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Profiles

Jello Biafra and the Politics of Punk

Having spent a quarter-century pushing Americans to face the music, the former Dead Kennedys vocalist sits down to tell his thoughts on Obama, political parties, and participatory democracy.

Credit: Ramoneart Photography

“They call themselves the Dead Kennedys,” I recall my buddy Landon shouting over frenetic, rapid-fire chord changes as we barreled through Charlotte, N.C., in an ambulance he had “borrowed” from his dad, an EMT. Landon’s stunt would leave behind a lasting impression. Up until that point, I had hated punk rock. The Sex Pistols bored me, the Buzzcocks had a bubblegum sound, and I just didn’t get the Ramones. I thought punk would fade like disco, and with any luck, be replaced with a musical movement led by artists who could actually play their instruments. But in the ambulance, the maniacal vibrato and caustic quips of Dead Kennedys lead singer Jello Biafra had me gaping. Forever etched in my brain are his Tourettes-like rants about the perils of chemical warfare and the unmitigated cruelty of Cambodian dictator Pol Pot, dueling with the wailing siren as my buddy and I wove through rush-hour traffic.

More than 25 years later, Biafra is still writing songs that needle the narcissistic impulses of a status quo awash in commodity fetishism and political apathy. Though the bulk of his albums have featured his singing, he has also released eight spoken-word recordings that rely on an array of comedic devices to cleverly convey his political ideals. In the Grip of Official Treason, his latest project, contains more than three hours of compelling arguments for drastic social change. The monologues have an earnest tone and are stitched together with a humorous, optimistic thread—a unique combination of attributes that has held my attention for nearly three decades.

 

I called Jello Biafra at his San Francisco home in May. His lengthy voice-mail greeting, used to screen calls, chides Hillary Clinton and Barack Obama for waffling on NAFTA and questions their sincerity about ending the war in Iraq. The message serves as a reminder of Biafra’s long-time engagement with the political process, from his candidacies for public office to his emphasis on the importance of voting, especially in local contests when ballot initiatives are at stake. Both are unusual stances for an avowed anarchist.

“But that doesn’t automatically mean that I’m filled with naïve hope for our future,” Biafra says to me. “I figure every available tool should be used relentlessly to fight the powers that be. It’s not as though a President ‘Barack-star’ is going to wave his magic wand and suddenly Iraq is all better. My biggest worry about him is that if he wins, he’s just going to turn around, pull off the mask, and be the creature of the corporate establishment that his voting record indicates. And a whole generation inspired to get off their asses and participate will become so disillusioned that they don’t vote again.”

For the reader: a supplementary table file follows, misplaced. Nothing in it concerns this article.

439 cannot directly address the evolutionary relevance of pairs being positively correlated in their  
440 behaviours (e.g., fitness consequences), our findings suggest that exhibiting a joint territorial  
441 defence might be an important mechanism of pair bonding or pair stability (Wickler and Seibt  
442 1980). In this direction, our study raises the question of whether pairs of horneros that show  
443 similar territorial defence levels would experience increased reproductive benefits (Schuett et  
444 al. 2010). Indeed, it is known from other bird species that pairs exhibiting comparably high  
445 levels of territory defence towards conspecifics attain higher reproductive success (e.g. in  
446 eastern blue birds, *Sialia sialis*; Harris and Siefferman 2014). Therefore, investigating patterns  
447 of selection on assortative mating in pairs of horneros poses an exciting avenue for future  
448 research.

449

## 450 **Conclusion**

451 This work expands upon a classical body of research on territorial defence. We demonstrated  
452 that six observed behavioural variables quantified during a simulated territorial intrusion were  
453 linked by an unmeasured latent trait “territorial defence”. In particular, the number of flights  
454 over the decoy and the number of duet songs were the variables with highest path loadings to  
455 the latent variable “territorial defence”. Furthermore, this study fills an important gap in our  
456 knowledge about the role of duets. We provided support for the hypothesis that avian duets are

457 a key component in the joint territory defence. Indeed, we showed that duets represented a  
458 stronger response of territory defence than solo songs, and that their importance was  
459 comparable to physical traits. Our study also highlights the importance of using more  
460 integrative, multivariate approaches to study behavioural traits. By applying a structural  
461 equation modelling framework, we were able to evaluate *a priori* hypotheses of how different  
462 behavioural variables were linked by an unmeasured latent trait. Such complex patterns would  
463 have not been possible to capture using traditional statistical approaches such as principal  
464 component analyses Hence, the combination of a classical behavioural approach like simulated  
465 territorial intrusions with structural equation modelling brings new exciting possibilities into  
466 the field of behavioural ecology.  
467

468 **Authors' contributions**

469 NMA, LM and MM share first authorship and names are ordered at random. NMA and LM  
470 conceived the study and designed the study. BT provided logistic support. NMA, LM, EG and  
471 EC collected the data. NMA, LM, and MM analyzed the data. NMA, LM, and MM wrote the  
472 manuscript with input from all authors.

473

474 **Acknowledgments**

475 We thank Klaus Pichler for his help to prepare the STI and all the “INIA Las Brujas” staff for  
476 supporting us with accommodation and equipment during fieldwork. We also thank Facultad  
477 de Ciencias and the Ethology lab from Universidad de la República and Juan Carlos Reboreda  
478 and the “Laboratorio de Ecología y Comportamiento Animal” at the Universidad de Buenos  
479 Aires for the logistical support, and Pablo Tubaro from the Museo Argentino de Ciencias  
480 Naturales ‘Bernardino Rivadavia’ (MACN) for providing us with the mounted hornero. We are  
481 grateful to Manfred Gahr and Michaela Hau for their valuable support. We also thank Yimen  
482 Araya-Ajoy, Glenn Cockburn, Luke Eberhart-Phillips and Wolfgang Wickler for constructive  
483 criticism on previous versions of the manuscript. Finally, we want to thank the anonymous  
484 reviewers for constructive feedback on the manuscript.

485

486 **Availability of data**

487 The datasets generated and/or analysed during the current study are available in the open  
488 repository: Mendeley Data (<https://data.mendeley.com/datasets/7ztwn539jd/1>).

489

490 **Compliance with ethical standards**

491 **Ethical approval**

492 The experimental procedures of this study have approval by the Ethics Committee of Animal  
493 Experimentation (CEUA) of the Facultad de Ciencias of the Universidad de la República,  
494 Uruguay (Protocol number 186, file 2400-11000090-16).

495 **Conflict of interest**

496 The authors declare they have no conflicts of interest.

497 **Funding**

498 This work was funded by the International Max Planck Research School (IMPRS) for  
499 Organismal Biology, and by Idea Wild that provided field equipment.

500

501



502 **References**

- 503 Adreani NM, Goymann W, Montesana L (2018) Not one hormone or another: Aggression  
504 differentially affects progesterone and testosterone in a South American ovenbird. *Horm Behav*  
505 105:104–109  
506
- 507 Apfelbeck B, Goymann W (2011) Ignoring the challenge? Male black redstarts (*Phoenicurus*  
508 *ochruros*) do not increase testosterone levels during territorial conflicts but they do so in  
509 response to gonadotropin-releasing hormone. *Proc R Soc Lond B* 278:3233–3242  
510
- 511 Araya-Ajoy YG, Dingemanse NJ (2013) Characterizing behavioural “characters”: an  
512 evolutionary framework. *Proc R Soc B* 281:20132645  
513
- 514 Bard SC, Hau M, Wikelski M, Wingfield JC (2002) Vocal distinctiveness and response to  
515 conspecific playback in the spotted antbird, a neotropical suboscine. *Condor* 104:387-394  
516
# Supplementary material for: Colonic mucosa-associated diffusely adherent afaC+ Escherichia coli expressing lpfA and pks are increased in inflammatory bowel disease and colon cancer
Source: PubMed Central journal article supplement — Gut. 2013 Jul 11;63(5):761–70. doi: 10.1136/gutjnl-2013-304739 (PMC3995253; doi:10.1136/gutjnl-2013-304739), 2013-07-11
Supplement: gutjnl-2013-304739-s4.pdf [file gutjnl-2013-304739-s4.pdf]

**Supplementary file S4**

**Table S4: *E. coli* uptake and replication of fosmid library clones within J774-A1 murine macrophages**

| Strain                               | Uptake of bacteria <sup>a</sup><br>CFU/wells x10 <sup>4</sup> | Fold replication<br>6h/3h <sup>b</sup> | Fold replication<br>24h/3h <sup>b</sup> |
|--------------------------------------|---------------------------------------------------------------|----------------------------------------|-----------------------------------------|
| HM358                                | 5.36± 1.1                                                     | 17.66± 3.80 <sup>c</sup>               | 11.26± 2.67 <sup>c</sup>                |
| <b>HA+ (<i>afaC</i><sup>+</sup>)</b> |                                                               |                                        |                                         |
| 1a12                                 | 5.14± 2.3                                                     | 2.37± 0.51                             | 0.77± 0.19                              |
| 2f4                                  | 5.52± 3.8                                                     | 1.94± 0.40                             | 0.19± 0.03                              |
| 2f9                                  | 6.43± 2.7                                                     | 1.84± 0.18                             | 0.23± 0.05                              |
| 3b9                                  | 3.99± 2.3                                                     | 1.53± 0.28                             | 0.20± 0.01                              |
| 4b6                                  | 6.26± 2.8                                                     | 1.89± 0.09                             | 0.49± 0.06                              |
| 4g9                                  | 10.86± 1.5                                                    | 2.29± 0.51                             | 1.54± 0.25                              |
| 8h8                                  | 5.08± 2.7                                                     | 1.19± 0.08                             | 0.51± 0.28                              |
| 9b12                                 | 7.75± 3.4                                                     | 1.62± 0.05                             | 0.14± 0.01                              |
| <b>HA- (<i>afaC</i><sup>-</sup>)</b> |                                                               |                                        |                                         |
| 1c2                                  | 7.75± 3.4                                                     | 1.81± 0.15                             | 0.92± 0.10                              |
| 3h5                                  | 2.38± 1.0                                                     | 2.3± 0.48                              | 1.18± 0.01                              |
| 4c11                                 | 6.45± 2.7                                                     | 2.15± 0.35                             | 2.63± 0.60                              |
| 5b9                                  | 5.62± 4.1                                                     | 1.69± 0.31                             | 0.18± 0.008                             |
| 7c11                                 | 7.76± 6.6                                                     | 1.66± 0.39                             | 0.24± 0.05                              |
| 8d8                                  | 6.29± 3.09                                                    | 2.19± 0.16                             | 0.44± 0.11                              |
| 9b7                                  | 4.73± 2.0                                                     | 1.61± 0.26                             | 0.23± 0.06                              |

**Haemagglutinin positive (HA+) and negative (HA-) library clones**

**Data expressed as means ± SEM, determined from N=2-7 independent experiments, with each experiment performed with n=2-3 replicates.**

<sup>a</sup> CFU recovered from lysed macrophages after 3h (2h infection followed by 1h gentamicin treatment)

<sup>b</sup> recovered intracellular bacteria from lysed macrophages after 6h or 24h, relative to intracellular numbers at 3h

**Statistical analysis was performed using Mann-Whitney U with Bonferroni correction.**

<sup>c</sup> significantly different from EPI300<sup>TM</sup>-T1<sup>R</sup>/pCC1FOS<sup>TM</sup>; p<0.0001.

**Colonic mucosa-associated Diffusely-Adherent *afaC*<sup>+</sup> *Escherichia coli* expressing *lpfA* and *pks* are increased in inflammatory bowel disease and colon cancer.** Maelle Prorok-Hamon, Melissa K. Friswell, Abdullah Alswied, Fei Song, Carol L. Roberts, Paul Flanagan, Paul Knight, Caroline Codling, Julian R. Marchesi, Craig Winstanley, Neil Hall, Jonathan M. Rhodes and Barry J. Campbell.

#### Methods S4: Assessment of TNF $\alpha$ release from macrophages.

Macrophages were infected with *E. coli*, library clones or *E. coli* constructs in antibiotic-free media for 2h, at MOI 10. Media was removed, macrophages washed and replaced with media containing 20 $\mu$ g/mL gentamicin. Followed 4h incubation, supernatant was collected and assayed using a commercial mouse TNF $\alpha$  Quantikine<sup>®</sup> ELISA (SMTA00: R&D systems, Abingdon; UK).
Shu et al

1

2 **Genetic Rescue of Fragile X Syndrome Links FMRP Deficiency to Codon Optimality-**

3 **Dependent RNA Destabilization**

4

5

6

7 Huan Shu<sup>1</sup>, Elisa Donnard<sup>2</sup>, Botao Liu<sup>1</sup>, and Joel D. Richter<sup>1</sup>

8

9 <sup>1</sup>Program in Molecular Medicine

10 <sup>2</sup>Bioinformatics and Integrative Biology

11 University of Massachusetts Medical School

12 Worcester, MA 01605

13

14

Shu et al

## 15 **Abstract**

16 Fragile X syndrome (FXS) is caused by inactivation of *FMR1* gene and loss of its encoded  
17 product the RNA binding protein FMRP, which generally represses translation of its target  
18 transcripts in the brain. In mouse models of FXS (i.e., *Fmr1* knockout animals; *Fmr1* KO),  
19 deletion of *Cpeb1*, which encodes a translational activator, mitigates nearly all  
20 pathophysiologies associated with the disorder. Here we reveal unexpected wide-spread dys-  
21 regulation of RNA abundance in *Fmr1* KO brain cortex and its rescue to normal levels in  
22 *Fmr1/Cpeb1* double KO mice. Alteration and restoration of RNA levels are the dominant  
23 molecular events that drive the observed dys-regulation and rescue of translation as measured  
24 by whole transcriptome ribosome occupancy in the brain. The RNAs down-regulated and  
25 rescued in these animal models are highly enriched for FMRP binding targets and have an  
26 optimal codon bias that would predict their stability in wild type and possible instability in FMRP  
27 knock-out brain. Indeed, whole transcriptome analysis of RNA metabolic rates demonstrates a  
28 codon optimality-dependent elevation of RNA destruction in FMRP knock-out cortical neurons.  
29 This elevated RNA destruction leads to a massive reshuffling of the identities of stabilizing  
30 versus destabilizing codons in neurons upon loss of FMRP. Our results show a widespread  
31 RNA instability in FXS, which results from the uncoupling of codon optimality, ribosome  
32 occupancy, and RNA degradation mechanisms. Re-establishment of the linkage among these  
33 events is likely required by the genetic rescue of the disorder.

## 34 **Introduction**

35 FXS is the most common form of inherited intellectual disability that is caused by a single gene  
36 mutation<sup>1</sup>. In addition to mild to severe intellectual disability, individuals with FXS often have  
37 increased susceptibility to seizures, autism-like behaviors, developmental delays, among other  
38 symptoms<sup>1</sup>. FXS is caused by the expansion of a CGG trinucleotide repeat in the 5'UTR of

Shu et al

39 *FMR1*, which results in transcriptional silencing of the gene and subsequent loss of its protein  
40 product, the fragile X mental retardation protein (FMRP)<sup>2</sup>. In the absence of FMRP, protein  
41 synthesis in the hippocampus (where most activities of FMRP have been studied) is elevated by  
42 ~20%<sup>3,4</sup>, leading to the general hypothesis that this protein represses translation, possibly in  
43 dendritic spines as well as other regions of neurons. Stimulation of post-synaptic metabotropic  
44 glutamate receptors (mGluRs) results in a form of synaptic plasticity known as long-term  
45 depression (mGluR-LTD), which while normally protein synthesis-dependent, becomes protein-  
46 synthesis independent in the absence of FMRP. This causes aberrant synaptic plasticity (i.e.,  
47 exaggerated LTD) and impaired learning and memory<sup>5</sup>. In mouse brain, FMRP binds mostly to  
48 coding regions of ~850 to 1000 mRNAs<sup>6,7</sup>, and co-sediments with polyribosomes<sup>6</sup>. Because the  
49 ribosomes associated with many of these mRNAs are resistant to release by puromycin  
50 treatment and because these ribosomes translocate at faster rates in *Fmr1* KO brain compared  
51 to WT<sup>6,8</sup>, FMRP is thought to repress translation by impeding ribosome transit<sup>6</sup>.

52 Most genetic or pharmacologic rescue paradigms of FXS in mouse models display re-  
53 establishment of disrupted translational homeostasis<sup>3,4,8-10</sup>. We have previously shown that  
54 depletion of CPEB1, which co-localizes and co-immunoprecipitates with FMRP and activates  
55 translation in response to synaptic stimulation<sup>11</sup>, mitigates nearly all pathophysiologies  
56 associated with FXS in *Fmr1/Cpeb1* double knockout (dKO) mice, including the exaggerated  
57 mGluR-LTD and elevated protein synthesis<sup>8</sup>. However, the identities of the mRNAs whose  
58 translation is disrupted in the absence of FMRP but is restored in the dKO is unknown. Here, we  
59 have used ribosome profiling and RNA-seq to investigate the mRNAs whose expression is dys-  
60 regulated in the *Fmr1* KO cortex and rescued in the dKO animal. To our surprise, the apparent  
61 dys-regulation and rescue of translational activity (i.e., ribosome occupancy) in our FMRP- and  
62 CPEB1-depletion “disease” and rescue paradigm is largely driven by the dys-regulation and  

Biafra’s disappointment with the Carter administration was an early impetus for his opposition to the two-party system of American politics, which he says has left voters with no acceptable choices in national elections. He is a member of the Green Party and has supported Ralph Nader’s candidacy in several presidential contests. The last time Biafra voted for a mainstream presidential candidate was in 1976.

“I figure every available tool should be used relentlessly to fight the powers that be.” “I was 18 years old and so proud that I finally got to give the big middle finger to the Nixon-Ford regime. And then what happened was mostly a watered-down version of the same policies rather than the change people felt we needed so badly. People forget that this drift towards the right and corporate sycophancy didn’t begin with Bill Clinton. It started under Jimmy Carter. And as wonderful as Carter has been as an ex-president, his lack of competence as president paved the way for the Reaganoids.”

In 1977, Biafra enrolled at the University of California at Santa Cruz, but he left at the end of the fall quarter, attracted instead by the San Francisco punk scene. At the center of it all was Mabuhay Gardens, a music venue that booked local bands like the Avengers and the Dils, whose blistering tempos and visceral intensity intrigued Biafra. The next year, he formed the Dead Kennedys with guitarists East Bay Ray and 6025, bassist Klaus Flouride, and drummer Bruce Slesinger. Biafra, who until that point had gone by his given name, Eric Boucher, randomly selected his moniker from a notebook.

“Me and my friend John Greenway had been in Boulder, making up names for bands, people in bands, and songs, and I just took the notebook with me. At first, I called myself ‘Occupant,’ but of course, San Francisco was also the home of the Residents, so people kept saying, ‘Hey, Resident! How ya doin’?’ And I thought I had better pick another name. I opened up the notebook and [Jello Biafra] seemed to have more staying power than some of the others on the list, like ‘Smegma Pig Vomit’ and ‘Mucus Melanoma.’ And I liked the way the two images collide in the mind—the ultimate useless, wiggly, sugary American food product and what was then the symbol for mass genocide and starvation like Darfur is now.”

The Dead Kennedys began performing live after only a week of rehearsals and made an immediate impact on Bay Area music with their turbulent mix of thrashing rhythms, serpentine melodies and scathing denunciations of social inequality. Biafra’s diatribes, delivered through the musical medium that would later become known as hardcore, drew a new generation of fans away from the nihilistic attitudes that had previously characterized the punk genre. About two years later, Biafra carried his political engagement a step further when he ran for mayor of San Francisco against current Sen. Dianne Feinstein.